Module: Basic statistics
Quote of the page
I must be allowed to add some explanatory remarks to bring the subject home to reason—to that sluggish reason, which supinely takes opinions on trust, and obstinately supports them to spare itself the labour of thinking.
- Mary Wollstonecraft
Suppose we succeed in obtaining a truly random sample of fish from a given area of sea, and we calculate the mean mercury level in our sample. Will this level tell us the mean mercury level in local fish overall? Not necessarily. Suppose our random sample consists of two fish. What guarantee do we have that the mercury level in these two fish is representative of the mercury level in the population overall? It could well be that both of these fish just happen to have particularly high levels, or particularly low levels.
What if we take a sample of a hundred fish? Again, it's possible that all these fish have particularly high or particularly low mercury levels, in which case our sample mean doesn't accurately represent the population mean. But intuitively, this seems much less likely in the case of a hundred fish than in the case of two fish. If the fish are really chosen at random, it seems like we would have to be very unlucky to get a sample of fish which had a very different mean mercury level than the population at large.
In fact, this intuition can be given a rigorous statistical justification. The basic idea is that for a small sample, any quantity you calculate has a large sampling error. The sampling error provides a measure of how likely it is that the quantity you have calculated is a specified distance from the true population value. The larger the sample, the smaller the sampling error. Note that sampling error isn't an error in the sense of a mistake; every figure calculated from a sample has a sampling error, however good the sampling process. Due to the chance nature of random sampling, you can never completely eliminate the possibility that your sample is misleading. But if the sampling error is small enough, that tells you that it is unlikely that your calculated value is a long way from the true value in the population.
Several different statistics can be used as a measure of the sampling error, but the one you will encounter most frequently is called a confidence interval. For example, suppose you collect a random sample of 100 fish, measure their mercury levels, and calculate the mean and standard deviation of the results. Suppose you obtain a mean of 0.265 ppm (parts per million) and a standard deviation of 0.081 ppm. Your best estimate of the mean mercury level of the fish in the population as a whole is 0.265 ppm, but how far is this likely to be from the true population mean? Using the standard deviation of the sample, you can calculate a quantity called the standard error by dividing the standard deviation by , where n is the sample size. In our case, then the standard error is given by 0.081/10 = 0.0081. As long as the sample is reasonably large (say, more than 30), the 95% confidence interval is an interval of two standard errors on either side of the sample mean. In our case, then, the 95% confidence interval for the mean mercury level in local fish is 0.265 ± 0.016 ppm.
What does the 95% confidence interval tell us? Often, statistics books say things like the following: We can have 95% confidence that the true population mean lies between 0.249 ppm and 0.281 ppm. But this is slightly misleading, as it suggests that confidence intervals are about a particular kind of feeling of confidence you should have towards your result. What the confidence interval actually means is that if you take random samples of 100 fish over and over again, then 95% of the time, the confidence interval will contain the true population mean. Only 5% of the time will the true population mean lie outside the confidence interval, so you would have to be quite unlucky for the confidence interval not to contain the true mean. How this is connected with any feeling of confidence you may have about your result is a difficult philosophical question.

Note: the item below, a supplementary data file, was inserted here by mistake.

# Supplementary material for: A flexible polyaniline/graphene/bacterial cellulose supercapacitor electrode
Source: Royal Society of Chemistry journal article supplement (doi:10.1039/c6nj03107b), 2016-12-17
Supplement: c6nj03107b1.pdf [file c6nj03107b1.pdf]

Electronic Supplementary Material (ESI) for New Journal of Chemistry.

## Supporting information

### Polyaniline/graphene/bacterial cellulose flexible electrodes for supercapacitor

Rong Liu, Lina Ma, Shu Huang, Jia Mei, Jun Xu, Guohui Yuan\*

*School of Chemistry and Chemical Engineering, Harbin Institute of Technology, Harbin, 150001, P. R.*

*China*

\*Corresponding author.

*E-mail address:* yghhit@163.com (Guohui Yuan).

Note that the width of the 95% confidence interval is proportional to 1/ , where n is the sample size. In fact, this is generally true of all measures of sampling error. This provides a useful link between sampling error and sample size; for example, if you want to cut your sampling error in half, you need to multiply the size of your sample by four. Sampling error is purely a result of the size of the sample, unlike bias, which is a result of the way the sample is collected.
Confidence intervals are often found in reports of the results of surveys and political polls. For example, political polls often quote a "margin of error", usually of around 3 percentage points. What this means is that the 95% confidence interval is the cited figure plus or minus 3 percentage points. If the poll says that 52% of voters support Lee, then the 95% confidence interval is 52 ± 3%. In 95% of such polls, you can expect the true level of voter support to be within the confidence interval. Remember, though, that the confidence interval is just a measure of the sampling error; it assumes that the sampling method has ruled out all sources of bias, which as we have seen, is very difficult to achieve.
Suppose that Lee hires a pollster to estimate his support in the forthcoming election. A poll of 1000 people indicates that he has the support of 52% of people, with a margin of error of 3 percentage points. Lee would like a more accurate estimate. How many people would need to be polled in order to reduce the margin of error to 1 percentage point?